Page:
Even if, as Yamashita urges, “a bailment contract may be implied,” Appellants’ Reply Br. at 28 (internal quotation marks omitted), any potential bailments implied by the facts as stated in the PAC rest on the PVAs and Invoices executed between Corbis and Scholastic. See, e.g., J.A. at 316, ¶ 45 (incorporating by reference allegations regarding breach-of-contract claim); id. at 317, ¶ 51 (“Scholastic's rights to use the Bailed Property were limited as provided in the PVAs and Corbis invoices.”); id. at ¶ 55 (referencing PVAs and Corbis Invoices). Although Yamashita alludes to contractual restrictions on Scholastic's use of the licensed images, Yamashita has not plausibly pleaded that the PVAs give rise to a bailment between him and Scholastic. Indeed, the 2001 PVA between Corbis and Scholastic expressly provides that the “Agreement is not considered a bailment.” J.A. at 64, ¶ 5.

Apart from the use limitations to which he points, Yamashita does not highlight any provisions of the PVAs or of any relevant invoices suggesting that Corbis and Scholastic intended to create a bailment relationship. See 8A Am. Jur. 2d Bailments § 1 (“[A] bailment is ordinarily created by the agreement of the parties․”). Nor has Yamashita alleged a duty on the part of Scholastic to account to him directly for its uses of the images, apart from the contract-based theories we rejected above. See 9 N.Y. Jur. Bailments & Chattel Leases § 1 (“It is the element of lawful possession, however created, and duty to account for the thing as the property of another that creates the bailment․”). We therefore identify no error in the District Court's denial of leave to plead a bailment claim.

C. Conversion

Yamashita also contends that the District Court erred in denying him leave to plead a claim for conversion. Oddly, Yamashita alleges that Scholastic converted his property not by engaging in unauthorized copying of his photographs, but rather “by failing and refusing to disclose to Yamashita all of the uses that Scholastic has made of the Bailed Property.” J.A. at 318, ¶ 60. Yamashita's reply brief on appeal clarifies that this claim derives from his breach-of-contract and bailment claims. Appellant's Reply Br. at 35–36 (arguing conversion claim is not preempted and characterizing it as a “bailment-related claim[ ]”). Having already concluded that Yamashita's breach-of-contract and bailment claims fail, we now conclude that his conversion claim fails as well. The District Court did not err in denying leave to plead it.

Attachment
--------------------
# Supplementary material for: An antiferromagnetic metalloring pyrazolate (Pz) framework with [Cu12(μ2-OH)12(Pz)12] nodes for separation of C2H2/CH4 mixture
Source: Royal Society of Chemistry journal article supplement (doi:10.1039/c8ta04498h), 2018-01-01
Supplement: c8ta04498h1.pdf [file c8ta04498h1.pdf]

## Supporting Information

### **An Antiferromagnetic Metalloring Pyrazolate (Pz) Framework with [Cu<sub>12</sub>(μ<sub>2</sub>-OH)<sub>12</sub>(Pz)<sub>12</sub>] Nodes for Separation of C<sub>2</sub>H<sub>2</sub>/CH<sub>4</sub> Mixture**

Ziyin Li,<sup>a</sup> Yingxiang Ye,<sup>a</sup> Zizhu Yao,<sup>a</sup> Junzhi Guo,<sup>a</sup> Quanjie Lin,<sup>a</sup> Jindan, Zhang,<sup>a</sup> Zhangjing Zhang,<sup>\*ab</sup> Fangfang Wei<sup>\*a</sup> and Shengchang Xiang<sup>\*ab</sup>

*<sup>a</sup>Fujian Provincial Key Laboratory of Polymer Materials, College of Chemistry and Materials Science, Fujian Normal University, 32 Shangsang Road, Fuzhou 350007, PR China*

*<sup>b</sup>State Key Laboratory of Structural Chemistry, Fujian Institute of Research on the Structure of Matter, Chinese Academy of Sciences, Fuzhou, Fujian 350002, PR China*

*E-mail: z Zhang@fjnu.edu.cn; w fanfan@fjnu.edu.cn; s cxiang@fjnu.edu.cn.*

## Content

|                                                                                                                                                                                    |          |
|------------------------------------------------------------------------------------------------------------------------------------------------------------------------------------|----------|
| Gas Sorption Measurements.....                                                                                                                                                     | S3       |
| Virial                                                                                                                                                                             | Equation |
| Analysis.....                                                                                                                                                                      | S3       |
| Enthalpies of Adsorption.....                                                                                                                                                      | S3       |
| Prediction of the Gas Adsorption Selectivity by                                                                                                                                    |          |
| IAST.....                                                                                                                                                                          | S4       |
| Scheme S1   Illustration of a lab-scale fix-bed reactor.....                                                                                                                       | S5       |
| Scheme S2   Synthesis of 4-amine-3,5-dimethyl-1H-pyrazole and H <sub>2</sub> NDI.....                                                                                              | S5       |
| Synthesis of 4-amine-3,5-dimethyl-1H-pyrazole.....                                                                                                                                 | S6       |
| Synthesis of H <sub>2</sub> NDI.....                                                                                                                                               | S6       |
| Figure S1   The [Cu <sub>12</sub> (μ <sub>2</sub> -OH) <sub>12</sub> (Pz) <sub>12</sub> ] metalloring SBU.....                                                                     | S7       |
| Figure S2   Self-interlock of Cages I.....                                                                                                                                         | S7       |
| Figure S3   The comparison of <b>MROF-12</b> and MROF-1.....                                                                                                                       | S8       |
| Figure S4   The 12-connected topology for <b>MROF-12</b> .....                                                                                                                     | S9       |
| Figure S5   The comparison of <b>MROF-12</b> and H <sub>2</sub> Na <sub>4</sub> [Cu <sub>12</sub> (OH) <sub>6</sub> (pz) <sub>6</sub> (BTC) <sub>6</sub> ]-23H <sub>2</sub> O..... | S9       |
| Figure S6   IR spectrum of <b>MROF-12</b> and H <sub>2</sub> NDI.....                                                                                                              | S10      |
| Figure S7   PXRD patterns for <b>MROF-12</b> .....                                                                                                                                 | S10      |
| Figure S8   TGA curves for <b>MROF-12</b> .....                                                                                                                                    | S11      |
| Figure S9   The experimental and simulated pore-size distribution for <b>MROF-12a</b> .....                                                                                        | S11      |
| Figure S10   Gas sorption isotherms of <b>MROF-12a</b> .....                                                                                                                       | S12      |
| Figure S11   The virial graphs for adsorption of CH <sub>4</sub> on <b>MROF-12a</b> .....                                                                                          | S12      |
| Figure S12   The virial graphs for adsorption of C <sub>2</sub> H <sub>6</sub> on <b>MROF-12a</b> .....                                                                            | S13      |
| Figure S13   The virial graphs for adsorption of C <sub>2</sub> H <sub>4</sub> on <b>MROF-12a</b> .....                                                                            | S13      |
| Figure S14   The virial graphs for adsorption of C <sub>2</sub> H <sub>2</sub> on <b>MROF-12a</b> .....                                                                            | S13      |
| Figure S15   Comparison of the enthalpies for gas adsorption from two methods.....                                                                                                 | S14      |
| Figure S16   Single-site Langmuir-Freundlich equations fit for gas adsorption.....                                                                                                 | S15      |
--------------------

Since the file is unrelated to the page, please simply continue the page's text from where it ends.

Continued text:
D. Accounting

Last, we turn to Yamashita's demand for an accounting. Much like his conversion claim, Yamashita grounds Scholastic's alleged “duty to account to Yamashita for all of [its] uses of the Bailed Property” in “the terms of the PVAs and/or the law of bailment.” J.A. at 318, ¶ 64. We have already rejected Yamashita's arguments that he plausibly alleged a breach-of-contract claim (under the PVAs) or a bailment-based claim (under the law of bailment). Accordingly, pleading this claim, too, would have been futile, and the District Court did not err in denying him leave to do so.

* * *

For the foregoing reasons, as well as those set forth in the Opinion that accompanies this summary order, the judgment of the District Court is AFFIRMED.


1.   Neither party appeals from that part of the District Court's judgment that dismissed Yamashita's claim as to the Row-80 image under the parties’ stipulation under Fed. R. Civ. P. 41.

2.   Yamashita is a New Jersey resident. J.A. at 11. The District Court for the District of New Jersey applied New York law in its written decision transferring the case, and the parties’ briefs cite to New York law in their arguments about the common-law claims; they do not address choice of law. We therefore assume without deciding that New York law applies to these claims.